“Let’s talk about our relationship”: Ockham’s Razor, by Alan Michael Williams
Antelopes and giraffes have a few things in common, right? Four legs, both mammals. We consider them fundamentally different creatures. Now lets say a third animal comes running alongside them. One that resembles an antelope, but it also has a number of qualities that a giraffe has. Maybe it has long legs or maybe it has spots. Should we say and I think this should be in a British accent: that animal there is fundamentally an antelope with a few giraffe qualities. Or should we give the creature a new name? A giraffelope.
That’s Micah, talking with Brendan about the claim that gay men’s brains are like women’s brains, from the novel Ockham’s Razor, by Alan Michael Williams. I agree with Micah, yet, ironically, the novel made him look a lot like a “giraffelope” to me. Forgive me for viewing the story through the lens of my own (straight) experience, but it had me thinking “Micah loves Brendan the way a man loves a woman” and “Micah loves Brendan the way a woman loves a man.”
If the popular stereotypes are true, I think a lot of straight men would find this novel difficult — not because of the explicit man-on-man sex action, but because of the explicit (and frequent) man-on-man “let’s talk about our relationship” action. Sexist stereotypes aside, if you’re one of those people who thinks a good story ought to include some car-chases and explosions, then you probably won’t find this novel interesting. On the other hand, if you think that working to understand yourself and your relationships can be a story, then you’ll likely enjoy this book, as I did.
Ockham’s Razor is the tale of a relationship between two gay males within Mormon culture. More precisely, it tells a story of a gay teenage boy trying to figure out how to reconcile his homosexuality with his Mormon faith — and what happens when he meets up with an older gay male in Mormon culture who has already made his choices. It presents a fascinating contrast when read alongside Langford’s No Going Back, exploring what would happen if the older guy is only a couple years older (and out of the church) as opposed to being much older (and heavily personally invested in the idea of heterosexual-only marriage). To anyone who is trying to understand the psychology and mindset of gay men in modern Mormonism, I’d highly recommend both of these works, as they illustrate different facets of it.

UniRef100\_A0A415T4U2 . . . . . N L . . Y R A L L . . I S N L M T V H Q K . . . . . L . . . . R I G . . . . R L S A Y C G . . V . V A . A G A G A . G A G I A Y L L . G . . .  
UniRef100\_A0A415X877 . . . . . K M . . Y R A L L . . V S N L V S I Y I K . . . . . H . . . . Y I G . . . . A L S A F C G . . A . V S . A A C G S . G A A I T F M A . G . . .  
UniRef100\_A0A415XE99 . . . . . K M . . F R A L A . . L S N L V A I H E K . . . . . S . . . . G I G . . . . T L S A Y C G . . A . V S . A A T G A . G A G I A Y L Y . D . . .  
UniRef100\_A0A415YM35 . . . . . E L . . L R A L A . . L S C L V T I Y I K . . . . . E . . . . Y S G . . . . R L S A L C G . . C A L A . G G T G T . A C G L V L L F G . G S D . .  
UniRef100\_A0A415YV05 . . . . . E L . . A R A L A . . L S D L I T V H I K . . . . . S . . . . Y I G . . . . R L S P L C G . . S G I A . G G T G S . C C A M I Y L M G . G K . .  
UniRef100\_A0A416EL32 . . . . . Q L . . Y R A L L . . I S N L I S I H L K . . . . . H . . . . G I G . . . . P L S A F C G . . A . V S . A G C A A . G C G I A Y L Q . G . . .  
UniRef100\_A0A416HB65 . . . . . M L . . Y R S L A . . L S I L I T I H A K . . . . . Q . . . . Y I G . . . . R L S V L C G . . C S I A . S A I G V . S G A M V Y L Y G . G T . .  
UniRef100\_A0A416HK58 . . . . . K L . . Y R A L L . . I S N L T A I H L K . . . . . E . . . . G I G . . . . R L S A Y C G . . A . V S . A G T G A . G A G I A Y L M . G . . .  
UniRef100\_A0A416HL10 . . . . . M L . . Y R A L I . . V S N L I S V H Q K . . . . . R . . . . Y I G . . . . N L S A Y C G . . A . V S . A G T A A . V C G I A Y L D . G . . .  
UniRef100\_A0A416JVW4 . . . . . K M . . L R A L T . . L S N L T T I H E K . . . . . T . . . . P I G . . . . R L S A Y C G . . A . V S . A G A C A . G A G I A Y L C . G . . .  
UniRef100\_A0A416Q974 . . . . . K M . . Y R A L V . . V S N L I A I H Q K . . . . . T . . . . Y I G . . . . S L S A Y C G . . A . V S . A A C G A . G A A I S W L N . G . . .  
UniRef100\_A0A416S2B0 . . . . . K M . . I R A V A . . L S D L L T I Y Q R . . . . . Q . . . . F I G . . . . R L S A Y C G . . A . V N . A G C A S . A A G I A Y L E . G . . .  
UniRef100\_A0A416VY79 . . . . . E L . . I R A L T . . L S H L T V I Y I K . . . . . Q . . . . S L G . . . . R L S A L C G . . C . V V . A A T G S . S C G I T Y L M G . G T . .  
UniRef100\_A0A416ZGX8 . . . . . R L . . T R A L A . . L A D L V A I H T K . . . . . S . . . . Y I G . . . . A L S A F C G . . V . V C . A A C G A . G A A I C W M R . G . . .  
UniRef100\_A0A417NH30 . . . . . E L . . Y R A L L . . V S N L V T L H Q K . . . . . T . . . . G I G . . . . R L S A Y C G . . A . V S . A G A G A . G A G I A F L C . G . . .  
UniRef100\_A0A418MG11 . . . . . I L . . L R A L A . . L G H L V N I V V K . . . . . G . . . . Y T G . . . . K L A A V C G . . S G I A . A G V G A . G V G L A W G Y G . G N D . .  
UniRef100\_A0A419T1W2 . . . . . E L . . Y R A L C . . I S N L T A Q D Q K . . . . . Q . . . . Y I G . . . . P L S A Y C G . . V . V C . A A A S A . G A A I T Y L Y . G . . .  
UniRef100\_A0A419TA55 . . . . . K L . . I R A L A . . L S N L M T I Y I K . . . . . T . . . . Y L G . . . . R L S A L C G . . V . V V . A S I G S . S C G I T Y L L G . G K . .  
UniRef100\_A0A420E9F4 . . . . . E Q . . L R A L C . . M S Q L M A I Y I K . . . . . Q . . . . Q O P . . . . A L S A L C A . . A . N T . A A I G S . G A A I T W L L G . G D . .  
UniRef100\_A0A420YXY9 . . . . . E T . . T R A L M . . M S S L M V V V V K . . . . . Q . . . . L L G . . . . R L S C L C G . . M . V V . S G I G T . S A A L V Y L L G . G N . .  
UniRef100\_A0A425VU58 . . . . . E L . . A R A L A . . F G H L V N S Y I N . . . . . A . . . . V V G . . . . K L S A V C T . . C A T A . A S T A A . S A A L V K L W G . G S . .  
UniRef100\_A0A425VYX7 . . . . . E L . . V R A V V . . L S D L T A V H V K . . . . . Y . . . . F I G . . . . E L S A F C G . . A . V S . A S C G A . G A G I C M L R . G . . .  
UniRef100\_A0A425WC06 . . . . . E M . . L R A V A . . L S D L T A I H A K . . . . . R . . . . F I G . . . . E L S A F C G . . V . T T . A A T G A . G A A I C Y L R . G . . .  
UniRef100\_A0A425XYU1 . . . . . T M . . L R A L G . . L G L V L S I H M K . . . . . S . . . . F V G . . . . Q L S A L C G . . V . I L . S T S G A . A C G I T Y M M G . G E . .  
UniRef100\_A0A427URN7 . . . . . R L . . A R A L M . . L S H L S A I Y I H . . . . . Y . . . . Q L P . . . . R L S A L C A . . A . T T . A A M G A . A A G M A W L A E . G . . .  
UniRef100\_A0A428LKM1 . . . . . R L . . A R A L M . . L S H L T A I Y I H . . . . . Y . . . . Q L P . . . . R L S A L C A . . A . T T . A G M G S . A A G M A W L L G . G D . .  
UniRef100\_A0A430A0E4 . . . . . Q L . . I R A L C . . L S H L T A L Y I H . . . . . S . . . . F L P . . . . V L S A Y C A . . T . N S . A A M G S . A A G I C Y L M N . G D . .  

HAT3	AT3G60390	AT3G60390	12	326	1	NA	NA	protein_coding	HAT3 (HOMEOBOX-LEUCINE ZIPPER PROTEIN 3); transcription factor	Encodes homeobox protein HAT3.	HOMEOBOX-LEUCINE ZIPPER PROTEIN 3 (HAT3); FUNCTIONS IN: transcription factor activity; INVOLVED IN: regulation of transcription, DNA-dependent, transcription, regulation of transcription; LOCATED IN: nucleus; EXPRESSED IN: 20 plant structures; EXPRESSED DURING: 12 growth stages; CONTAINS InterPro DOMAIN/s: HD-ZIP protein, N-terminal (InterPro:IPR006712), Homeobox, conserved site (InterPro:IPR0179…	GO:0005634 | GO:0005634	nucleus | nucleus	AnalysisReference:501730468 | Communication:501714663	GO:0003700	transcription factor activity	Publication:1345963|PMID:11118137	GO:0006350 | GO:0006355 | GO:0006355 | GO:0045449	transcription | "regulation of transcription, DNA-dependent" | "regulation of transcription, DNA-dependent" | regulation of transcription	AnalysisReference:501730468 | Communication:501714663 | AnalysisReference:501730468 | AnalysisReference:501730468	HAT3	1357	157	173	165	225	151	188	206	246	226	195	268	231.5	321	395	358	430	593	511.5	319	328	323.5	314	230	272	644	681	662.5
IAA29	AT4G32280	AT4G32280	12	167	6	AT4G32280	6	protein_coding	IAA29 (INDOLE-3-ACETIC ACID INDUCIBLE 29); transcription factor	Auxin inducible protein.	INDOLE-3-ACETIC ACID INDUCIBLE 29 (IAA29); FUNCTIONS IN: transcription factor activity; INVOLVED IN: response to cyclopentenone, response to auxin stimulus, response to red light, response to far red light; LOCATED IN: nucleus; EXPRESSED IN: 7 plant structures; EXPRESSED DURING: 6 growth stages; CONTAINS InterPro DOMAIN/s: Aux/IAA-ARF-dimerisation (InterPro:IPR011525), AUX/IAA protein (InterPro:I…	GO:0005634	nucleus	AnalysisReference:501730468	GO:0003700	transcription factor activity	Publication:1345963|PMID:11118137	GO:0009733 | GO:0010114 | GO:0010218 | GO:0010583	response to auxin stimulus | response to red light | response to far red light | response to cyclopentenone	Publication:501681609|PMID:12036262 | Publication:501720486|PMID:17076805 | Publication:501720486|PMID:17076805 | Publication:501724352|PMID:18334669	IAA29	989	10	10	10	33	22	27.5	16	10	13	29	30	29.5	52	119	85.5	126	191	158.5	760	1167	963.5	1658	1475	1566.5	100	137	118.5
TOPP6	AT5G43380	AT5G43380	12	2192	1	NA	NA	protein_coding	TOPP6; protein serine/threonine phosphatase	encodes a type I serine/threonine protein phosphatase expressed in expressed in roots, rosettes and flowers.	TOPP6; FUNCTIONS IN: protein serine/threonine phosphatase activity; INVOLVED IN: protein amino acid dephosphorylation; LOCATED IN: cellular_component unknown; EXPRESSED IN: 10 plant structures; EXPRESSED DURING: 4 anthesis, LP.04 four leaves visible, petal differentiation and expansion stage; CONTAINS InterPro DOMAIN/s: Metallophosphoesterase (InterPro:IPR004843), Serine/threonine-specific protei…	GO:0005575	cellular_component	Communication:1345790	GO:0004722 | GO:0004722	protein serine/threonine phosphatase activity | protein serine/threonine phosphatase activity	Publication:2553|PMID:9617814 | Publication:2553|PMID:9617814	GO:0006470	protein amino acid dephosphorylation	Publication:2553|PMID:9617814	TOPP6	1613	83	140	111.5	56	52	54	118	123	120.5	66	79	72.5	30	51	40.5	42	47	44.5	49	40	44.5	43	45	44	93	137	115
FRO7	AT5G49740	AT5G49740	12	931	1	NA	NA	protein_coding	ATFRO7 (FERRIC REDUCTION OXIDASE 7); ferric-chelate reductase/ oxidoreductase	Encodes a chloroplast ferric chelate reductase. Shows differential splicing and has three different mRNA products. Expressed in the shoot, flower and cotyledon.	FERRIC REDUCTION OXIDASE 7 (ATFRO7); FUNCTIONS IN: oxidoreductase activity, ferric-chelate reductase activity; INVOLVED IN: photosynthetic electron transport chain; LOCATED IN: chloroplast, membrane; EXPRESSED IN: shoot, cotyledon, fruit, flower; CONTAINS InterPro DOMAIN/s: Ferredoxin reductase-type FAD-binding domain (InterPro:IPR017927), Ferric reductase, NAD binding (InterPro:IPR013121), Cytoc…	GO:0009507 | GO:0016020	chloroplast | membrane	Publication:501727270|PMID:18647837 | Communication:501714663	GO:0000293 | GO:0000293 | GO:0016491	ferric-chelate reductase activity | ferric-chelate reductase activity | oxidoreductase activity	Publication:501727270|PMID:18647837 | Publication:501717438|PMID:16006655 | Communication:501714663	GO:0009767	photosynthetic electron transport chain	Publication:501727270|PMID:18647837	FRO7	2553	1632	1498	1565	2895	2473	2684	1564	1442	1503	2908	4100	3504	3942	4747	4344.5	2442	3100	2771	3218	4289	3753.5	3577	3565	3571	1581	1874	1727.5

Micah’s story is a bittersweet one. When he and Brendan are together, you can feel the passion of true love expanding to fill the whole universe. But when Brendan distances himself, Micah can’t stop second-guessing himself. He’s defensive when his Mormon mom hints that their relationship (being homosexual) isn’t real. And he’s obsessed with the Mormon idea that homosexuality is like drug addiction.
Actually, the central theme of the story is the question: “Are the Mormons right that homosexuality is like addiction?” Micah works at a detox center with two women who represent two different philosophies about dealing with addiction (comfortable harm-reduction vs. the cruel-to-be-kind hard-line approach). Micah doesn’t quite reach a conclusion about which of those two philosophies he prefers, and he never quite seems to answer his own question about homosexuality as an addiction. From my perspective, it looks quite clear that it’s not — Micah’s feelings towards Brendan are instantly recognizable as the same type of “in love” that anyone might feel. But considering that the story leaves the question open, I’d be curious to hear the reaction from Mormons who think homosexuality is like addiction — what would they think of this book?
The author also leaves Brendan’s perspective open to multiple interpretations. Micah wants to understand what Brendan is thinking and why he makes the choices he does. But he never quite figures it out. Maybe you will — just read the book and try for yourself! 😀